Law Adds to Busy Summer as Many Employers Also Prepare EEOC Pay Data Disclosures

On July 31, 2019, Illinois Governor J.B. Pritzker signed into law HB834, amending the Illinois Equal Pay Act in ways that will fundamentally alter hiring practices across the Land of Lincoln. By doing so, Illinois became one of at least 13 states that now restrict employers’ ability to use pay history in hiring and compensation decisions, as part of the effort to chip away at the persistent national gender pay gap.We previously wrote about this law here.

Under the amendments, employers may no longer screen job applicants based on their current or prior wage history, by requiring that the history meet minimums or maximums.The law also bans requests of applicants or employees, or their former employers, to disclose wage or salary history.Employers can still ask applicants to define their pay expectations, but if an applicant volunteers her pay history, the employer is prohibited from relying upon it in deciding whether to offer a job or in making compensation decisions.

In addition, the law is expected to increase pay discrimination suits, by lowering the burden of proof workers face to prove pay discrimination based on gender or race, and in some cases by placing a new, heavier burden on employers to prove that pay disparities between workers of different genders and/or races are not discriminatory. The law also imposes a new ban on requiring workers to “sign a contract or waiver that would prohibit the employee from disclosing or discussing information about the employee’s wages, salary, benefits or other compensation,” with certain narrow exceptions for workers whose jobs afford access to others’ pay information.

Most significantly, the law substantially increases liability for Equal Pay Act violations. Previously, the law allowed workers who proved pay discrimination to recover the amount of any pay differential, plus interest and attorneys’ fees and costs. The amendment adds to the remedies compensatory and punitive damages. Also, employers who violate the new salary history prohibitions can be held liable for “special damages” – up to $10,000.00, plus any additional compensatory damages needed to make the worker whole.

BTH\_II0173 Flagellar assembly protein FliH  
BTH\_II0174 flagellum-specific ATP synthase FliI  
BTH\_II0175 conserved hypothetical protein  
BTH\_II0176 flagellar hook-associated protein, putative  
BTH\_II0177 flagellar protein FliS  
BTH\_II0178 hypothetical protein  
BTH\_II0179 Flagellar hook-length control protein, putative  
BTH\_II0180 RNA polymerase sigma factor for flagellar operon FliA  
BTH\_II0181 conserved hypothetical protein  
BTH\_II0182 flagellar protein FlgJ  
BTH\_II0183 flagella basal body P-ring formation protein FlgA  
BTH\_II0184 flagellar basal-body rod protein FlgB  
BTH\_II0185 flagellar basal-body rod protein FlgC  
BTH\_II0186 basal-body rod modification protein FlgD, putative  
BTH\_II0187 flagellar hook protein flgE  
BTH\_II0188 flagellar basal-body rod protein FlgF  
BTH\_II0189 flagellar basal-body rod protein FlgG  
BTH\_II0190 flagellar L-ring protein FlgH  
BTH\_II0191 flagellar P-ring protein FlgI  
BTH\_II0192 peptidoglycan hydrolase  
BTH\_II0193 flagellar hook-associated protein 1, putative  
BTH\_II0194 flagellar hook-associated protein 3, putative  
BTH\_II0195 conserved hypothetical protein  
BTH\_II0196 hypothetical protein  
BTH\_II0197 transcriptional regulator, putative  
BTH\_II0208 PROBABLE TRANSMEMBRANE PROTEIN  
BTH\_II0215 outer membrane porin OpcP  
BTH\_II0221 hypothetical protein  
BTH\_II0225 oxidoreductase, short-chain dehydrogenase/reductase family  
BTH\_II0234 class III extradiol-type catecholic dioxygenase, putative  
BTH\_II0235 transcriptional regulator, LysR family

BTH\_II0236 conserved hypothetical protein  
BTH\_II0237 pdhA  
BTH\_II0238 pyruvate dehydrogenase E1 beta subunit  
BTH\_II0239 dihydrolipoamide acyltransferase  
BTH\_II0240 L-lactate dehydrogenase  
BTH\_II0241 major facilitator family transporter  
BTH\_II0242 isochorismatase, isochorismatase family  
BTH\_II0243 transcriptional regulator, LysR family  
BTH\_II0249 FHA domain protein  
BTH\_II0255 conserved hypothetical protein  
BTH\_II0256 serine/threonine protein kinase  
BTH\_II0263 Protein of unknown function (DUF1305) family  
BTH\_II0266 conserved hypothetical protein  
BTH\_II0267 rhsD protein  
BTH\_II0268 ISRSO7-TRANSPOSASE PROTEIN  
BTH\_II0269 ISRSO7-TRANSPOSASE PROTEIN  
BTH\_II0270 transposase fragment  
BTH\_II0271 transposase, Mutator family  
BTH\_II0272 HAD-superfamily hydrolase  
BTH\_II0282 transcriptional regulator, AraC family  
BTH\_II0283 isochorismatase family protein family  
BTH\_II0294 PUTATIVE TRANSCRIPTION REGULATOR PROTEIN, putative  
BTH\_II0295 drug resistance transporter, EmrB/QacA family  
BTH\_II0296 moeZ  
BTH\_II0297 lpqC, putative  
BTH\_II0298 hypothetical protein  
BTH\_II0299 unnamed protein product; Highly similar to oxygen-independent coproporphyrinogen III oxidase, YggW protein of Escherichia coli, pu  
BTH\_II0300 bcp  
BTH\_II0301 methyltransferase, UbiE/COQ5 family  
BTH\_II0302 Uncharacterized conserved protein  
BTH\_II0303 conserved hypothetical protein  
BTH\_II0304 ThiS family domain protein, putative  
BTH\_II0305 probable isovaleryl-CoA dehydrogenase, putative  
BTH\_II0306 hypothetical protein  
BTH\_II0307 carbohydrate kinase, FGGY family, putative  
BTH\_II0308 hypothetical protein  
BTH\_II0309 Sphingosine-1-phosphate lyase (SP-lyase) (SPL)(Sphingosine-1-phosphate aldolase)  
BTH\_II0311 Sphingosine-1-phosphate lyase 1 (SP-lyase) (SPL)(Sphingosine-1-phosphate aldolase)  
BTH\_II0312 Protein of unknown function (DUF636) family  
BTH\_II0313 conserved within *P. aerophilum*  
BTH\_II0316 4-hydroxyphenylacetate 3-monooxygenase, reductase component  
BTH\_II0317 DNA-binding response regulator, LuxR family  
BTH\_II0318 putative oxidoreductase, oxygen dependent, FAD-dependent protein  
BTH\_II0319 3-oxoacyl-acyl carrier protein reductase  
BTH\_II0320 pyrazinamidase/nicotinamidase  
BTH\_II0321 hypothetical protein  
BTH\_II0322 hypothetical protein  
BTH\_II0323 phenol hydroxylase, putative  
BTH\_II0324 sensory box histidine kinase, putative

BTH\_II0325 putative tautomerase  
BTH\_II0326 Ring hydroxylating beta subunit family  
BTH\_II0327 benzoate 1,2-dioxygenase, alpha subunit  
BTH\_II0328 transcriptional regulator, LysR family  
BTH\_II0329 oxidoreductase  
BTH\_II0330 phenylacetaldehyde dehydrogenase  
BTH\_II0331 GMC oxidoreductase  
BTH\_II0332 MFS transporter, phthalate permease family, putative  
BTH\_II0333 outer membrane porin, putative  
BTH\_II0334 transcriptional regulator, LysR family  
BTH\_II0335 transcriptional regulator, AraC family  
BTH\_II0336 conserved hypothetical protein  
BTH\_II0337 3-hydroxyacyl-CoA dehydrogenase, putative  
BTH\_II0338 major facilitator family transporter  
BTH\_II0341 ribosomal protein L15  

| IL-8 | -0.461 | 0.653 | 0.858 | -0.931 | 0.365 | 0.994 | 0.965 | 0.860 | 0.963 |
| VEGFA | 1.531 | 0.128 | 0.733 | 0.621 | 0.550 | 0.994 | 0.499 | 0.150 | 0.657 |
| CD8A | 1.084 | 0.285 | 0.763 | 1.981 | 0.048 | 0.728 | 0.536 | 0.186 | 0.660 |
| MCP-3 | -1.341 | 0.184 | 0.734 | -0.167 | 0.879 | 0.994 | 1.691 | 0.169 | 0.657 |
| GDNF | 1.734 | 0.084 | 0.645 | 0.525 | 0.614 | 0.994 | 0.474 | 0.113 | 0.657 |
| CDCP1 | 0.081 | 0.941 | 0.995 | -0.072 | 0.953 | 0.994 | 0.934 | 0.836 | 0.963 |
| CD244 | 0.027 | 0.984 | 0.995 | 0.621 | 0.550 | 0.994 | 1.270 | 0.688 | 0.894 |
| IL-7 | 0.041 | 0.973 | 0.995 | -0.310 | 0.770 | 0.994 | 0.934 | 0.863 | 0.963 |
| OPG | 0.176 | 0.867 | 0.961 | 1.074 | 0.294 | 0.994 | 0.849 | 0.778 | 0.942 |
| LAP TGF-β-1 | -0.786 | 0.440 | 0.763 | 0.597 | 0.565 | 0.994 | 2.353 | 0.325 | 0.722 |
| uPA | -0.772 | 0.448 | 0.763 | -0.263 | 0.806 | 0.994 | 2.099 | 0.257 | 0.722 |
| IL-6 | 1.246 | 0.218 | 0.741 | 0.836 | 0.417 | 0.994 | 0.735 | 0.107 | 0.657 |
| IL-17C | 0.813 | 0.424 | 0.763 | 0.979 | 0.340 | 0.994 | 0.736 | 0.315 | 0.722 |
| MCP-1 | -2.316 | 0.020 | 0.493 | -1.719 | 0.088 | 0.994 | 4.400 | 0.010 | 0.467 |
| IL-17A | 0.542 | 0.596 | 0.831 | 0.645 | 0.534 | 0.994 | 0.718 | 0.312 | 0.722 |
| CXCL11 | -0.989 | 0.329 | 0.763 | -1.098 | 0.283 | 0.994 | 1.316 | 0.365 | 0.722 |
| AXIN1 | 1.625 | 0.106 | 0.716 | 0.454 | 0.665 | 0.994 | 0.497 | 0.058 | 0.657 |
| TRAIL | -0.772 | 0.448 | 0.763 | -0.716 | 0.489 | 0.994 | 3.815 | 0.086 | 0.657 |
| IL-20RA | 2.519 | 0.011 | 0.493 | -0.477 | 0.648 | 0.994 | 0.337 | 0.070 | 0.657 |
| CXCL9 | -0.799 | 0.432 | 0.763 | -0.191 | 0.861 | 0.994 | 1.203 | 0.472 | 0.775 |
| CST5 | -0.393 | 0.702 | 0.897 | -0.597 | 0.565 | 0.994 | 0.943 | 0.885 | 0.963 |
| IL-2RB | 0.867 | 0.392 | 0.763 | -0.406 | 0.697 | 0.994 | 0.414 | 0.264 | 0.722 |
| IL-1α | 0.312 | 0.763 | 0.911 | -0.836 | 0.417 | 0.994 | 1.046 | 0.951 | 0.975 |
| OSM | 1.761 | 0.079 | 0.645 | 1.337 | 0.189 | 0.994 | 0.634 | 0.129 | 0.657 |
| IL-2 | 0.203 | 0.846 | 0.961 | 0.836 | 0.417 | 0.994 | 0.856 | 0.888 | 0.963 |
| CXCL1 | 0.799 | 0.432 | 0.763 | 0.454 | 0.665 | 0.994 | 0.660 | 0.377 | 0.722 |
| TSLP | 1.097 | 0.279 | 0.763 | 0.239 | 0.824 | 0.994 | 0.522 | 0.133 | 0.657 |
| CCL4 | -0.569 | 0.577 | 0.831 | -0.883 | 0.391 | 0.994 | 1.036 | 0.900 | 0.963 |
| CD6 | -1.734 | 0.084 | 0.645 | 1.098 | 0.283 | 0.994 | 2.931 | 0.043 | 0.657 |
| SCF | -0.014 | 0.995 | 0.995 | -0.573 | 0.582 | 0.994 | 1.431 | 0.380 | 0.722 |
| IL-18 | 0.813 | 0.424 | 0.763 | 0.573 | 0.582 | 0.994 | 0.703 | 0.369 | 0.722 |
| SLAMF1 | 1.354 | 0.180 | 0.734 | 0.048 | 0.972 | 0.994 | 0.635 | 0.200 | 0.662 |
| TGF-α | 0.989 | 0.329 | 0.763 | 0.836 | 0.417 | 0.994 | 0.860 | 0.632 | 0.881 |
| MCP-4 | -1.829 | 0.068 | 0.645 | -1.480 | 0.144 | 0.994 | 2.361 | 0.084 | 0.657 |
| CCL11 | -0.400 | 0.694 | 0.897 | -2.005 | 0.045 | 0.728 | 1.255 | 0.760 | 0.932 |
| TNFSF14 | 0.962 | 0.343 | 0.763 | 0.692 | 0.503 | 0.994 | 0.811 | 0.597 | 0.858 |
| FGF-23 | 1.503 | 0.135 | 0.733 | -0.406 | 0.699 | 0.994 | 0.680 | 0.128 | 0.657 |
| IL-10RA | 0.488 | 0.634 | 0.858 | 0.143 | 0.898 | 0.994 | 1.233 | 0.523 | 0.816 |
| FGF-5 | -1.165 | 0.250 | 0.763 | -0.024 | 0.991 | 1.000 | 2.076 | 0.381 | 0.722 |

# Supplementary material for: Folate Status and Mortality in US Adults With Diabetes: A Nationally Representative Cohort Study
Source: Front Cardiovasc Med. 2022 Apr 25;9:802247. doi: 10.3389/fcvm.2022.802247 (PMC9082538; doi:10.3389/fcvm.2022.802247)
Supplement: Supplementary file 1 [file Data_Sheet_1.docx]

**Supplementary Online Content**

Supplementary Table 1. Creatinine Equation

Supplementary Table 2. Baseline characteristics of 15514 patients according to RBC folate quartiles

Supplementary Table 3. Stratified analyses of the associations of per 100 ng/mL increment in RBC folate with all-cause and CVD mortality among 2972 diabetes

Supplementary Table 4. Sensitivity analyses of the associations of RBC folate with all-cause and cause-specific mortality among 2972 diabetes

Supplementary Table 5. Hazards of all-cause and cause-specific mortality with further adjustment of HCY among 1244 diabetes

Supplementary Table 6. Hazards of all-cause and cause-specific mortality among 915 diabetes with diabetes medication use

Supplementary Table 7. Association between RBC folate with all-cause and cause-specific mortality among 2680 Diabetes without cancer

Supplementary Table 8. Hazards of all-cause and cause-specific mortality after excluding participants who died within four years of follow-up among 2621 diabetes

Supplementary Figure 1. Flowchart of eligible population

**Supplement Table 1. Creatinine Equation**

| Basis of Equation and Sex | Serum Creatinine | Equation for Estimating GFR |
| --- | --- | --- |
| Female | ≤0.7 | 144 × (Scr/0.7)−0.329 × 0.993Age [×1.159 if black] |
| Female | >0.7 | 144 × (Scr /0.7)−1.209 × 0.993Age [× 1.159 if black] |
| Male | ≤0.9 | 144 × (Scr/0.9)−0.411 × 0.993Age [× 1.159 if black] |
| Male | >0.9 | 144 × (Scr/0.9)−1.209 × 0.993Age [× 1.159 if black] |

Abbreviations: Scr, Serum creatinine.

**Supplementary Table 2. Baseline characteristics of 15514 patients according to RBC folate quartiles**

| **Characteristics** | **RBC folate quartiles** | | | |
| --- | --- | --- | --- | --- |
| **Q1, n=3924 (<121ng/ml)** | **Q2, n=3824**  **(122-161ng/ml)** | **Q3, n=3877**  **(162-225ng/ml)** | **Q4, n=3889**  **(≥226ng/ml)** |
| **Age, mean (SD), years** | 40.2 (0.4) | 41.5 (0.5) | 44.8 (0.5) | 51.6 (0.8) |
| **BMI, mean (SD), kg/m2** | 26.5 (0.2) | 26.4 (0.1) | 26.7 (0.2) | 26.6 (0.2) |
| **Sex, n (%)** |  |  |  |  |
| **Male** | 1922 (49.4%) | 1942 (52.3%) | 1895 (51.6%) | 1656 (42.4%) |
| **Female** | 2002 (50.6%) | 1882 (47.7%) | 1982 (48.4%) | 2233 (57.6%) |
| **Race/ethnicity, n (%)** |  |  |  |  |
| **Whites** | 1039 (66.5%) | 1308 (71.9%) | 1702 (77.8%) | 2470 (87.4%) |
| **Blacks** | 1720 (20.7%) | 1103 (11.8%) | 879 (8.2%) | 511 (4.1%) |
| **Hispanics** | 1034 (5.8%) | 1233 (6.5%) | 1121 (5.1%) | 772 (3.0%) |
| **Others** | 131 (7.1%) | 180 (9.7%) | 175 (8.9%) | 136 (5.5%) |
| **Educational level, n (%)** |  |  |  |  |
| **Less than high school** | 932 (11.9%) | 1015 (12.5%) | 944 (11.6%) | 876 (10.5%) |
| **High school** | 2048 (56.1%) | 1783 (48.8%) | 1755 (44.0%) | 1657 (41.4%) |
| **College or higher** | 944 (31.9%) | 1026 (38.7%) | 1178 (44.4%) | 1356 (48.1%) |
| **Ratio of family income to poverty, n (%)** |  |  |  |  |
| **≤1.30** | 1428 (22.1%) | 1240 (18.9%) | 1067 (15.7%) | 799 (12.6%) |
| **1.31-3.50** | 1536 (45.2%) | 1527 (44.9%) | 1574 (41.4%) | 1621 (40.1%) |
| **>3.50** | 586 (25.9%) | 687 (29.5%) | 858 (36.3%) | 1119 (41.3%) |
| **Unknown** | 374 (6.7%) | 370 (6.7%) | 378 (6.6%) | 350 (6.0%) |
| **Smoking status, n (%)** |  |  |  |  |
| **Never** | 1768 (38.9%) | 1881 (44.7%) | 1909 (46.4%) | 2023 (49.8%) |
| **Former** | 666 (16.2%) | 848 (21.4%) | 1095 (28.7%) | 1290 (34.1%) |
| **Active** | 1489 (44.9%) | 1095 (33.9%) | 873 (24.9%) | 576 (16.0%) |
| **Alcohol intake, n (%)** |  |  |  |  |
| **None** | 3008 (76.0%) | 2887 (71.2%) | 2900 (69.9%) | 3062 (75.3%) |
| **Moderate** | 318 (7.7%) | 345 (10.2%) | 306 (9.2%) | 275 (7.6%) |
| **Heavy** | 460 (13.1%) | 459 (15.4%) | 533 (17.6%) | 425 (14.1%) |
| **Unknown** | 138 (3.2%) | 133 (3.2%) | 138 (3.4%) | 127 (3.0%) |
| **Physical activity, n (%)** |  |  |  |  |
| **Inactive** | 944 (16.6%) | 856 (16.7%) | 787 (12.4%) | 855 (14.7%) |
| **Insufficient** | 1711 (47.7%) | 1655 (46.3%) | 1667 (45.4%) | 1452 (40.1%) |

The new law takes effect in 60 days (around the end of September 2019), and applies to all Illinois employers. Employers should therefore consult with their lawyers now to plan for compliance. Steps to consider include:

  • Reviewing with legal counsel current pay structures to identify pay differentials between workers who perform similar work to assess whether they can be justified under the new law. Employers required to file EEO-1 reports should especially take heed of this recommendation, as they face an additional deadline of September 30, 2019 to provide pay data to the EEOC for 2017 and 2018 under “component 2” of the EEO-1 report that could highlight pay disparities and trigger equal pay-related enforcement actions.
  • Training workers responsible for recruiting and hiring on new bans on compensatory history and other requirements and revising job applications and other materials to strike salary history-related questions.

  • Amending policies and agreements to ensure they don’t violate newly expanded prohibitions on preventing employees from sharing compensation information with one another.

The Amendments to the Illinois Equal Pay Act can be found here.

Information on the EEOC’s EEO-1 Pay Data Disclosure rules can be found here.

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Gary Savine is an Illinois employment lawyer and founder of Savine Employment Law, Ltd. in Chicago. Gary regularly advises human resources professionals on recently enacted employment laws.